"The destruction of the Enterprise is also shocking, but it works. Kirk really has no other choice, it's the only solution to this no-win situation. And it, too, is a heroic way to go -- a sacrifice in itself."
Speaking of sacrifice, something had just come up at Paramount and Bennett said he had to cut short the time allotted for our conversation and deal with it. I still had five or six questions left. "Call me back tomorrow at the same time," he generously offered, "and we'll finish this then."
Fine. I didn't absolutely need all those answers, but I transcribed our half-hour chat and rang him up the next day, nonetheless. I engaged Starlog's permanently installed interview phone jack and switched on my tape recorder. And we talked for 10 or 15 more minutes. I thanked Bennett for his time and bid farewell. Then, I rewound the tape to playback and transcribe today's talk. I didn't hear anything like that. Just the silence of prolonged audio hiss. Something had gone wrong with the taping system (which had worked perfectly yesterday); now, it offered only blankness.
Heavy sigh from me. However, as we know, there are always possibilities and, actually, I already had sufficient quotes. So, I resisted the major temptation (and minor professional humiliation) to call Bennett back and beg for a repeat installment of what he had just said. A half-hour's worth of material was more than enough for me to write the piece I've repeatedly quoted from above.
Much like those other long-distance interviewees noted earlier, I got my chance to say hello to Bennett in person a few months later -- in this case, at an Official Starlog Festival convention in Los Angeles. In a moment, the results of that meeting. Meanwhile, let's break for one paragraph to relate a classic anecdote about legends past.
Once upon a time in the 1950s, after they were first married, superstar movie actress Marilyn Monroe and heroic baseball player Joe DiMaggio visited Europe (London, I believe). They appeared in public where assembled crowds greeted Monroe, then the most famous actress on Planet Earth, with a tumultuous roar of pure adulation. As I recall it, a beaming Monroe turned to her husband. "Joe, have you ever heard anything like that?" And DiMaggio, the iconic ball player known as the Yankee Clipper, long accustomed to the equally massive cheers from worshipful fans in bleachers across America, just looked at her. As a matter of fact, he had.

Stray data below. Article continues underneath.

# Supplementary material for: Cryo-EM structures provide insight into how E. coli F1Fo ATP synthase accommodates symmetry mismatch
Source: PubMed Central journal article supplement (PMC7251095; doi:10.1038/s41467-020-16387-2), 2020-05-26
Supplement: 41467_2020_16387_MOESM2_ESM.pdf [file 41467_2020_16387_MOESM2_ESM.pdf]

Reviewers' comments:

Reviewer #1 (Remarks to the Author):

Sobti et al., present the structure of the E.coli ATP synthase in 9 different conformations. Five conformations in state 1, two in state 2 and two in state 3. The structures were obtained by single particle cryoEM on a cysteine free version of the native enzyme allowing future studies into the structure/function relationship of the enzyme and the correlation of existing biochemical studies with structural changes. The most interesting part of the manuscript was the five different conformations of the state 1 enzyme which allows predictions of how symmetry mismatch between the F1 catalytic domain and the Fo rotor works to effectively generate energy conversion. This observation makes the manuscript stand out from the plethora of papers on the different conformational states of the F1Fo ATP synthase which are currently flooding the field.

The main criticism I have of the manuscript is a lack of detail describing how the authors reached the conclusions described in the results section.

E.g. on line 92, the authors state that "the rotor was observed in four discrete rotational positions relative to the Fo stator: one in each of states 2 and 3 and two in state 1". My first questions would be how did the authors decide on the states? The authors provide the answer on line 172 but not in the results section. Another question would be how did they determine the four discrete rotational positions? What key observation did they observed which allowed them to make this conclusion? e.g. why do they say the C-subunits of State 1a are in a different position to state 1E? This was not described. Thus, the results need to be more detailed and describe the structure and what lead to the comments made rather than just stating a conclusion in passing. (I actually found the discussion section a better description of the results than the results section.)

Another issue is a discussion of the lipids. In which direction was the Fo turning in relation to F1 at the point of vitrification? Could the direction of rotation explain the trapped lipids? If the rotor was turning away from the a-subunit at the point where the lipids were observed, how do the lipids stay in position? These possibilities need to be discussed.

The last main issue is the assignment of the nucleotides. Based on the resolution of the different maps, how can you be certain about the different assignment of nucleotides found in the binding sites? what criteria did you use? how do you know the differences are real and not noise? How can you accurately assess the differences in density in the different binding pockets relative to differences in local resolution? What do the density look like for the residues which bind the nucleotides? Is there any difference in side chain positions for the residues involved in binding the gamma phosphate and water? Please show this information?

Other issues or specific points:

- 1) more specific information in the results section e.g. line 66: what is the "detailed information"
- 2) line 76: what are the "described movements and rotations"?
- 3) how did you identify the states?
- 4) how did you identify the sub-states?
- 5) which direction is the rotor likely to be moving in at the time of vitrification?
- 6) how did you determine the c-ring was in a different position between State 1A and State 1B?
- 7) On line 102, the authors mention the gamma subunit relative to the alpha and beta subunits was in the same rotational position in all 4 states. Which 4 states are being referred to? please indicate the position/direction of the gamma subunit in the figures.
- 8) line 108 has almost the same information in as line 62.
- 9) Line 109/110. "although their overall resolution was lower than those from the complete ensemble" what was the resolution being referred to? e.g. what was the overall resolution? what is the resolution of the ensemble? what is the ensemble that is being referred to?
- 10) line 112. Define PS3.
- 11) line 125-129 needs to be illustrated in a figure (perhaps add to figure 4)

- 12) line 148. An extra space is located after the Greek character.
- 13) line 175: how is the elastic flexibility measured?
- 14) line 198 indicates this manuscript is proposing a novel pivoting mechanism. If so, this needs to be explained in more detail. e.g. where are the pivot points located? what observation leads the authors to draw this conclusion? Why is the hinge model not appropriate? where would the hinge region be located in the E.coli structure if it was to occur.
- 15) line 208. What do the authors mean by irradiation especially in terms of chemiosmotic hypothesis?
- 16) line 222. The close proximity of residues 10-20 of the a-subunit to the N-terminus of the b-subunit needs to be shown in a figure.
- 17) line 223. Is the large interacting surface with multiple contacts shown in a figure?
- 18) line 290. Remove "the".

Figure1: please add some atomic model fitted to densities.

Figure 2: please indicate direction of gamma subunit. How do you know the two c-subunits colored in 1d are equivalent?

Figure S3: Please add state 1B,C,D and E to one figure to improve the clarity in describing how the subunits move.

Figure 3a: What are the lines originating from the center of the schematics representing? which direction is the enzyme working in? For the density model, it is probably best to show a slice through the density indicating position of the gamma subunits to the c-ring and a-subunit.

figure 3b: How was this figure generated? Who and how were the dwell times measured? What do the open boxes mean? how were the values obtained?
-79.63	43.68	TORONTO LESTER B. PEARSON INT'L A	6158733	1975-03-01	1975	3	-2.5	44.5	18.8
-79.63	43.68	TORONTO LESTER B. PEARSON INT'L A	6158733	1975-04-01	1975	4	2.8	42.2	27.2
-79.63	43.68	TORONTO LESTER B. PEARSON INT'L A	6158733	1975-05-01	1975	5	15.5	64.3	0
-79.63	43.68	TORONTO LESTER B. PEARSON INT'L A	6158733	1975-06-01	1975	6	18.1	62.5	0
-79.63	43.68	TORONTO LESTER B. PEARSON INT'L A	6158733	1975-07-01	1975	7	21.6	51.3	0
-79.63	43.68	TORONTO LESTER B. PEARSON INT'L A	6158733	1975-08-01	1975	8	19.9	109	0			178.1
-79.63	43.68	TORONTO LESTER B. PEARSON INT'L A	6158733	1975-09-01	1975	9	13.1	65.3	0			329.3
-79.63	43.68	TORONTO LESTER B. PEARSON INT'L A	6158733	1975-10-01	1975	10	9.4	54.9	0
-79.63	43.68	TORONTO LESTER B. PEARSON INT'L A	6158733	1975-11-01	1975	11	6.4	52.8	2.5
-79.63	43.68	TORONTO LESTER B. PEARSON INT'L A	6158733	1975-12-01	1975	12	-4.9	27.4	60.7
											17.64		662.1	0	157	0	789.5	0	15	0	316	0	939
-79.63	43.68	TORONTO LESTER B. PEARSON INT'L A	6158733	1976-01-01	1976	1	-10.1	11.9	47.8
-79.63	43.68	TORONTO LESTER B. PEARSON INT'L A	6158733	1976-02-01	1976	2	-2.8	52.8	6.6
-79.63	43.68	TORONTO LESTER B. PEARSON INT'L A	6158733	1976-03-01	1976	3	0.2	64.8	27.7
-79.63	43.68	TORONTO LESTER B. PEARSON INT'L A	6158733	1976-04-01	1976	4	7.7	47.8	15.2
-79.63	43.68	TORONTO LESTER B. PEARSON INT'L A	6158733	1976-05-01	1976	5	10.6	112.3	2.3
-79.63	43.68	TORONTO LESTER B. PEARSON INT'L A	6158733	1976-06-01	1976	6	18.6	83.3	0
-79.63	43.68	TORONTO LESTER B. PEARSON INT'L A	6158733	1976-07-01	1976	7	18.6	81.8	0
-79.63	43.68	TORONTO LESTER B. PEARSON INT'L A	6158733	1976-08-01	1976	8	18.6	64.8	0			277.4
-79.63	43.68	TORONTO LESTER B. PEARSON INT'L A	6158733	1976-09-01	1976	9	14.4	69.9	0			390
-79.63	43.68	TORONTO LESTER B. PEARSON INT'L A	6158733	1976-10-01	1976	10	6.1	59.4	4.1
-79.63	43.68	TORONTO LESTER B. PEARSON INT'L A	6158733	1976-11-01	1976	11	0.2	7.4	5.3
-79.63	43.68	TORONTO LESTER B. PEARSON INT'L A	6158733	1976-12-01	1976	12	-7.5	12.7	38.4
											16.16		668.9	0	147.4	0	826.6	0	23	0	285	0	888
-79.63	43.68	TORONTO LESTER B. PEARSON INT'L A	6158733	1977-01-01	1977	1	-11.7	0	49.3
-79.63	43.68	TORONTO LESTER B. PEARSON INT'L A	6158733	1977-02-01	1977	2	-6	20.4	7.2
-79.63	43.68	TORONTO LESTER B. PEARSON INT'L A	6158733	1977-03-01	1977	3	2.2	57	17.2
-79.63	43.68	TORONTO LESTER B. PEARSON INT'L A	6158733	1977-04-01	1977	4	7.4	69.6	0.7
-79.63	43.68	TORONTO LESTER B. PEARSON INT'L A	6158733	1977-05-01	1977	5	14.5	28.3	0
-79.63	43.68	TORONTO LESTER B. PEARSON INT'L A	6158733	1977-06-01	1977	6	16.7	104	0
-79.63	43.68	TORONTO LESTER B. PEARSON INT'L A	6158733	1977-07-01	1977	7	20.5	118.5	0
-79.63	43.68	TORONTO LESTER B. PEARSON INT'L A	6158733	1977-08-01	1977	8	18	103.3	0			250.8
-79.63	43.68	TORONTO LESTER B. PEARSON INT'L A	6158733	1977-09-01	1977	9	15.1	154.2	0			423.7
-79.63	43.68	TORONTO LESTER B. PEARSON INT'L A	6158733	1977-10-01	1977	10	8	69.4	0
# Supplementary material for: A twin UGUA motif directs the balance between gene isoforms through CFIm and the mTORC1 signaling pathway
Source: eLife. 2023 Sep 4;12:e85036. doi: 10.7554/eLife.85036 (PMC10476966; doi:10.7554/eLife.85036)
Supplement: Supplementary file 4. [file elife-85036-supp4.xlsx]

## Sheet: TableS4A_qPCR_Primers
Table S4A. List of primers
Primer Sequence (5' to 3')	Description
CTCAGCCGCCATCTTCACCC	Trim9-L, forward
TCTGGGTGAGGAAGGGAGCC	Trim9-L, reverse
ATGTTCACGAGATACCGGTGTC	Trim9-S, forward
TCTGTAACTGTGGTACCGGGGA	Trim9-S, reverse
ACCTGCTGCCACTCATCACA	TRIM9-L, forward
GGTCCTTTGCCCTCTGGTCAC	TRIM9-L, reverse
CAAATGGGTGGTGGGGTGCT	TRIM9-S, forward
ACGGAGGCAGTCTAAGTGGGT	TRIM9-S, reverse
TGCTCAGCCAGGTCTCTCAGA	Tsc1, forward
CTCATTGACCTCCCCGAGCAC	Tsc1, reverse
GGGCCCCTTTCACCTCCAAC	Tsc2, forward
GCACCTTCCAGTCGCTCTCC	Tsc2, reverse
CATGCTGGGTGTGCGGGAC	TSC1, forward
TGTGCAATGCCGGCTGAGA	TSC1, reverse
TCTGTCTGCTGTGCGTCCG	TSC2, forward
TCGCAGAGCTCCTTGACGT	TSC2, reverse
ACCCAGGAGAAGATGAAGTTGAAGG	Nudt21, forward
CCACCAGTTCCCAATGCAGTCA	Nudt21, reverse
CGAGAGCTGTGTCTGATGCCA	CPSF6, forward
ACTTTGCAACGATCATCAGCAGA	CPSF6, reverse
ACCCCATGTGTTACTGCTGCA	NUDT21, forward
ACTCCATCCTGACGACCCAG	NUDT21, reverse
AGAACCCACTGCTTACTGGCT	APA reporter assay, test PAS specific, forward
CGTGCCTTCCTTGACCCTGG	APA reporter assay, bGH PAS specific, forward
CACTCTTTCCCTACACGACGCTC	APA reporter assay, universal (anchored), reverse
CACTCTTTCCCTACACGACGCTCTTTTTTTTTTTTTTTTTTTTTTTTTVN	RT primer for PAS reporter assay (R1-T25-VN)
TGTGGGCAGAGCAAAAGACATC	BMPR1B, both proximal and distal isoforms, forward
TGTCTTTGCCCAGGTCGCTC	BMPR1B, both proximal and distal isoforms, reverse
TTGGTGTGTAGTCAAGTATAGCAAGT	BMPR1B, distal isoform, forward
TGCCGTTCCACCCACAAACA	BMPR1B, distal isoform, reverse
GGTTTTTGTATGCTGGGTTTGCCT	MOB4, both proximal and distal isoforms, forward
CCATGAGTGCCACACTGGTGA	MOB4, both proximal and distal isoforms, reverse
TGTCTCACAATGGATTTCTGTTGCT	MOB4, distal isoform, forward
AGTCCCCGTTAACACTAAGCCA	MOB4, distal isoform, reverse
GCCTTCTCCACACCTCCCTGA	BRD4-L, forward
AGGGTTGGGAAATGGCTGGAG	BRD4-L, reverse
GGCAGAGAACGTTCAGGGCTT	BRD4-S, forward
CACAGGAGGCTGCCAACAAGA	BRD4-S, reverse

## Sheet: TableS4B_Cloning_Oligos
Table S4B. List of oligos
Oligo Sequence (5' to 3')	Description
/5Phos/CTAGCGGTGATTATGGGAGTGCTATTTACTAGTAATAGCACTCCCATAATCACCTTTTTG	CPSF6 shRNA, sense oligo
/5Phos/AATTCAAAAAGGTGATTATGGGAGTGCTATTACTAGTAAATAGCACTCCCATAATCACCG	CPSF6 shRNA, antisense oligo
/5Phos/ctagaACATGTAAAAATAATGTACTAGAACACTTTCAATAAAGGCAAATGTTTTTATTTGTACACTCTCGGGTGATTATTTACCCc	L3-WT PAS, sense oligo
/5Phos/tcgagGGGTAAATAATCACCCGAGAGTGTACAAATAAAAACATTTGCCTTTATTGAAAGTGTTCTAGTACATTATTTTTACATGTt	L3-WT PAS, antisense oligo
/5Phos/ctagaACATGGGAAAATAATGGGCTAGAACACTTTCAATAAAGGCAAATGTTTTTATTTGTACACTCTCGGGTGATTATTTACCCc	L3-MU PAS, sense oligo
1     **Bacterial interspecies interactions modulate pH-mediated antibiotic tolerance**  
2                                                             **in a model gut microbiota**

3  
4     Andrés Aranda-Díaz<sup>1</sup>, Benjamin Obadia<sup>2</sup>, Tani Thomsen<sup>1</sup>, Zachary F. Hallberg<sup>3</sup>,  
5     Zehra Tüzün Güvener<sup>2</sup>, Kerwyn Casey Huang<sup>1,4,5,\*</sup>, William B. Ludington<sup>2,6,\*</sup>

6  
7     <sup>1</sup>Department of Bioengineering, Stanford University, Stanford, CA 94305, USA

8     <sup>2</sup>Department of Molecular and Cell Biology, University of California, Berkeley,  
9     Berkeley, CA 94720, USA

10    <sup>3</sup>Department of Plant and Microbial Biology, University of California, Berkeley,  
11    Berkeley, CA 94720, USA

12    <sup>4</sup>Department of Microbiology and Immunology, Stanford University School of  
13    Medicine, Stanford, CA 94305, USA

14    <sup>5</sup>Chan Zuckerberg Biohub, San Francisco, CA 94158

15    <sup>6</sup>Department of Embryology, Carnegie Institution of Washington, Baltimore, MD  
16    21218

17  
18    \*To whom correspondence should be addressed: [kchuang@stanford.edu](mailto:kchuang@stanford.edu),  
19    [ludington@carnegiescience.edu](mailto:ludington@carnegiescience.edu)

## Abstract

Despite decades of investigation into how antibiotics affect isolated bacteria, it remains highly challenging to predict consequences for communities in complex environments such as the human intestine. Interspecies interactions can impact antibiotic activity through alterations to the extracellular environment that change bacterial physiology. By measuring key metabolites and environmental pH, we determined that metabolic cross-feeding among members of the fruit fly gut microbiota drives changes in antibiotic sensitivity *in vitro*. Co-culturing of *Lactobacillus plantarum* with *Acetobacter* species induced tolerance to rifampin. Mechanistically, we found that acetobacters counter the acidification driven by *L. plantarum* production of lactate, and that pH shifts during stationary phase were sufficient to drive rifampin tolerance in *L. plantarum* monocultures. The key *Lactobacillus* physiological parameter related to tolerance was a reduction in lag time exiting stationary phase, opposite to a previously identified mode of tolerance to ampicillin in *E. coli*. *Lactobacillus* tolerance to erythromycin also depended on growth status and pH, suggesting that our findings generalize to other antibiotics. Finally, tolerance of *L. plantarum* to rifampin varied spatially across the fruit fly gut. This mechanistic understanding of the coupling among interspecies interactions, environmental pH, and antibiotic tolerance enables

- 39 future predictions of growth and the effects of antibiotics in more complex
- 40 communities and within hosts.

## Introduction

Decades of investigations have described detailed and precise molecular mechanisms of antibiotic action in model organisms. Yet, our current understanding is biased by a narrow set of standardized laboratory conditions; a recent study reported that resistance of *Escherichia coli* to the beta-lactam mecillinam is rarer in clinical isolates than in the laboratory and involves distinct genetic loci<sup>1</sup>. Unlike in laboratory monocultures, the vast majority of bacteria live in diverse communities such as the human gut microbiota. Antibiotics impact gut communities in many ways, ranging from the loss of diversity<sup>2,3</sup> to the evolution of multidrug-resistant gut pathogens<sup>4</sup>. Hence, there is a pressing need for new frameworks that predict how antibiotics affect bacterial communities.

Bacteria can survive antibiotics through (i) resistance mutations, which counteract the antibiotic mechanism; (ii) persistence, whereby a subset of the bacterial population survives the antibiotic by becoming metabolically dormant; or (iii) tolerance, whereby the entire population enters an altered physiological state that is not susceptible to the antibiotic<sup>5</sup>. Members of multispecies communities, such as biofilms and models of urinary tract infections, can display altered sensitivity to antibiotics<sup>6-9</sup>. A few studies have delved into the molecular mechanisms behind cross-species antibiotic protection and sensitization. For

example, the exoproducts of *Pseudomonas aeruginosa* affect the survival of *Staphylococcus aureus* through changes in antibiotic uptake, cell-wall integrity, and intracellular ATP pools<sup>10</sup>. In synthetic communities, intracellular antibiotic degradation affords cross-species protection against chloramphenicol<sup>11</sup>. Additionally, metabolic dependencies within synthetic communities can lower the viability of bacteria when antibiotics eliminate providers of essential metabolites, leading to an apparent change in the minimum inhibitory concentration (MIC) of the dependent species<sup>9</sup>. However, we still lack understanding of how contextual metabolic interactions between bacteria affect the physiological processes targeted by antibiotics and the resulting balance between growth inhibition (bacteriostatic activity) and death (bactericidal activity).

Now, I only discovered that ironic fable about the acclaim of fame a few years ago. But it immediately reminded me of meeting the charming, personable Bennett in 1984. We were off-stage, watching Starlog co-publisher Kerry O'Quinn at the lectern begin a long and effusive introduction for the about-to-speak Bennett. The crowd erupted at the first mention of his name, wildly cheering "the Saviour of Star Trek." And I turned to Bennett -- who first gained fame as a mere teenager facing live studio audiences as one of radio's popular Quiz Kids from 1941-6 -- and told him, "The fans really love you! Have you ever heard anything like that response?" And citing what I had forgotten, his early Quiz Kids fame and its similar audience acclaim, Harve Bennett grinned. As a matter of fact, he had.
David McDonnell, "the maitre’d of the science fiction universe," has dished up coverage of pop culture for more than three decades. Beginning his professional career in 1975 with the weekly "Media Report" news column in The Comic Buyers’ Guide, he joined Jim Steranko’s Mediascene Prevue in 1980. After 31 months as Starlog’s Managing Editor (beginning in October 1982), he became that pioneering SF magazine’s longtime Editor (1985-2009). He also served as Editor of its sister publications Comics Scene, FangoriaandFantasy Worlds. At the same time, he edited numerous licensed movie one-shots (Star Trek and James Bond films, Aliens, Willow, etc.) and three ongoing official magazine series devoted to Trek TV sagas (The Next Generation, Deep Space Nine, Voyager). He apparently still holds this galaxy’s record for editing more magazine pieces about Star Trek in total than any other individual, human or alien.
Copyright 2014 David McDonnell